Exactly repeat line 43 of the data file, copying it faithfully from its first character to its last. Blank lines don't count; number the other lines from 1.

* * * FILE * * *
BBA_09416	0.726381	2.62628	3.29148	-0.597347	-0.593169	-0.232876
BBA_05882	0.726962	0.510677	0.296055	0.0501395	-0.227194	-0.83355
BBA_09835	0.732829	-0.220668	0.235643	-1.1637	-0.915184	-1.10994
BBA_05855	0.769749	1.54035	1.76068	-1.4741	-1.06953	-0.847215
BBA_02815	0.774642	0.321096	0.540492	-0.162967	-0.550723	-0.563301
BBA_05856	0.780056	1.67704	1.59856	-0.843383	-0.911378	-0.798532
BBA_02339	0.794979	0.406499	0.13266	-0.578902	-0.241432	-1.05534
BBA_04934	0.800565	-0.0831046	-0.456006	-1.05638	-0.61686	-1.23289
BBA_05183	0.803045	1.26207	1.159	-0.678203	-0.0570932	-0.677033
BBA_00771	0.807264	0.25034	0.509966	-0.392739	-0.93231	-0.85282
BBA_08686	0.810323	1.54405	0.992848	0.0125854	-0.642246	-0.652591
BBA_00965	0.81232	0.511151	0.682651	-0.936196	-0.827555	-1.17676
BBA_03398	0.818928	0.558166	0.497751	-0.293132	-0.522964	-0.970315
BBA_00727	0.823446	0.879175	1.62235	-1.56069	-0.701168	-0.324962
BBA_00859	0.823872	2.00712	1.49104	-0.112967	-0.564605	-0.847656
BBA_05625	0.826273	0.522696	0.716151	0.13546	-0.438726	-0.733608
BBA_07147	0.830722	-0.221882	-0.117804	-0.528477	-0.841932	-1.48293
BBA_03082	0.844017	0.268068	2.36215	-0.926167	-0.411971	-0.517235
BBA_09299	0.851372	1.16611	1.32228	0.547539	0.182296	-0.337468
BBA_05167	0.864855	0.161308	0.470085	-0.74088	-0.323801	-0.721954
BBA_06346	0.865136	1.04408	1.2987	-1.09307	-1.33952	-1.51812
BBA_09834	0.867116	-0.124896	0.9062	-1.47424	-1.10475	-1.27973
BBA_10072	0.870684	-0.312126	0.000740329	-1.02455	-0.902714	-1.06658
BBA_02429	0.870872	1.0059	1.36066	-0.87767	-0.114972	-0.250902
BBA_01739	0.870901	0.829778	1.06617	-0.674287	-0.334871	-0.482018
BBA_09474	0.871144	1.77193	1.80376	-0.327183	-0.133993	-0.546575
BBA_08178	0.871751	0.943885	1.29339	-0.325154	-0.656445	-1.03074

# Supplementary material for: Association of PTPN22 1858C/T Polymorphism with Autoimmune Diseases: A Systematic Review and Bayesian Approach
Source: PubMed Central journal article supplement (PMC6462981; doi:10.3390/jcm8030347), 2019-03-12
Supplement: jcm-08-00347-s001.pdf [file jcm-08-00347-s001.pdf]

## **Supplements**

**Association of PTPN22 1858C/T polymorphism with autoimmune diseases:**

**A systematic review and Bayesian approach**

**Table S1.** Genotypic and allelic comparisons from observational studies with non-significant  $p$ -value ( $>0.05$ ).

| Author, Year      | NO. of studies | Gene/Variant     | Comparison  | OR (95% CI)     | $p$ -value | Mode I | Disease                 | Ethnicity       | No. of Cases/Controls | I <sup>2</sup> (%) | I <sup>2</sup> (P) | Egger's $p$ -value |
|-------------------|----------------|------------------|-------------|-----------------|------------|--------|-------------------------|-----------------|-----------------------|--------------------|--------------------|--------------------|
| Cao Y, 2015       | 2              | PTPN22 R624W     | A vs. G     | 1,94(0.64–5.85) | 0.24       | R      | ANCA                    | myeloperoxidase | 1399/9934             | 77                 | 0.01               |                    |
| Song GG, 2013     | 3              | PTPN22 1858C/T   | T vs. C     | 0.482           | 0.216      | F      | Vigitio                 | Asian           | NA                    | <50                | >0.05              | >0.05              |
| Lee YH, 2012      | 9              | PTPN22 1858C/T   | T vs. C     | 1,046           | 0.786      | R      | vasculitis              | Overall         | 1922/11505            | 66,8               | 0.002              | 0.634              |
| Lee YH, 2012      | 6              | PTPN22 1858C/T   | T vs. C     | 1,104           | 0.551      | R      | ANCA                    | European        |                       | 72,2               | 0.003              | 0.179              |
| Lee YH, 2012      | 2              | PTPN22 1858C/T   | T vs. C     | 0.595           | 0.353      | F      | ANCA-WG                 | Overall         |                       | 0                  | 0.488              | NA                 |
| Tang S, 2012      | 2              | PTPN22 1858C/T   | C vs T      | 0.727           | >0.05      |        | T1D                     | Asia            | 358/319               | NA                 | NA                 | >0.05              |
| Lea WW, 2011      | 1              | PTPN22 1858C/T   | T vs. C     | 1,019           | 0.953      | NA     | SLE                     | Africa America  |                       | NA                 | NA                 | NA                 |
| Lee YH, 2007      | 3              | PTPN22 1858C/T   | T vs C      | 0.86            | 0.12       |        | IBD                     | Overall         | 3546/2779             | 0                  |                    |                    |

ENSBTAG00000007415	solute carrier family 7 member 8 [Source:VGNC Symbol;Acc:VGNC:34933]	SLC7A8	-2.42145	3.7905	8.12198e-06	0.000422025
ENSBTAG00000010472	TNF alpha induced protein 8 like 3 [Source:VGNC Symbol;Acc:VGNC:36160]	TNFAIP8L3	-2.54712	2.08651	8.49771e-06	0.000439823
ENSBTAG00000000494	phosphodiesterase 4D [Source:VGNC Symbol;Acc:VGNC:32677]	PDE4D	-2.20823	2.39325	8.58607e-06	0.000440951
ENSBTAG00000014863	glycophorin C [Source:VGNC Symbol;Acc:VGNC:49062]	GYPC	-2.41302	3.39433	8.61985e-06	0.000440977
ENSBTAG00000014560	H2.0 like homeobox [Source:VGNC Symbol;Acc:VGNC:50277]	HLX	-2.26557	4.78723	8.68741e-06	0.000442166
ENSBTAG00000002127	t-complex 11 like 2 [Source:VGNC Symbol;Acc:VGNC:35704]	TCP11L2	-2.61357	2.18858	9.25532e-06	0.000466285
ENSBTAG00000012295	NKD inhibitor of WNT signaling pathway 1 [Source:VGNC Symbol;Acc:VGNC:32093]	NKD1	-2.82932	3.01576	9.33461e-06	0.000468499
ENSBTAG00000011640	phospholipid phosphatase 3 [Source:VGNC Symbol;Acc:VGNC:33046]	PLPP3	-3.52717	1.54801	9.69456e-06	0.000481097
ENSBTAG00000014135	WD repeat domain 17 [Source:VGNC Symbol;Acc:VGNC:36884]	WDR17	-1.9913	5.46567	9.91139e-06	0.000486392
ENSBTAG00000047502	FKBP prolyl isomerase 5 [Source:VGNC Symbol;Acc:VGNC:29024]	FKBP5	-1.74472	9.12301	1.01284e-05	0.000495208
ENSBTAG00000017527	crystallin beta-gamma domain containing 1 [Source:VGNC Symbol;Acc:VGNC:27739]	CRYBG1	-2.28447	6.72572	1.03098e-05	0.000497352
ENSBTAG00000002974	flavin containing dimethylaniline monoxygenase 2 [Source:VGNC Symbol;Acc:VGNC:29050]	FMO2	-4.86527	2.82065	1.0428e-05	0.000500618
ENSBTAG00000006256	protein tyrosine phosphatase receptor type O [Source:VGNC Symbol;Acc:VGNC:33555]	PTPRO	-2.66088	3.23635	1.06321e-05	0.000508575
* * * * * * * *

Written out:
| Lea WW, 2011      | 1              | PTPN22 1858C/T   | T vs. C     | 1,019           | 0.953      | NA     | SLE                     | Africa America  |                       | NA                 | NA                 | NA                 |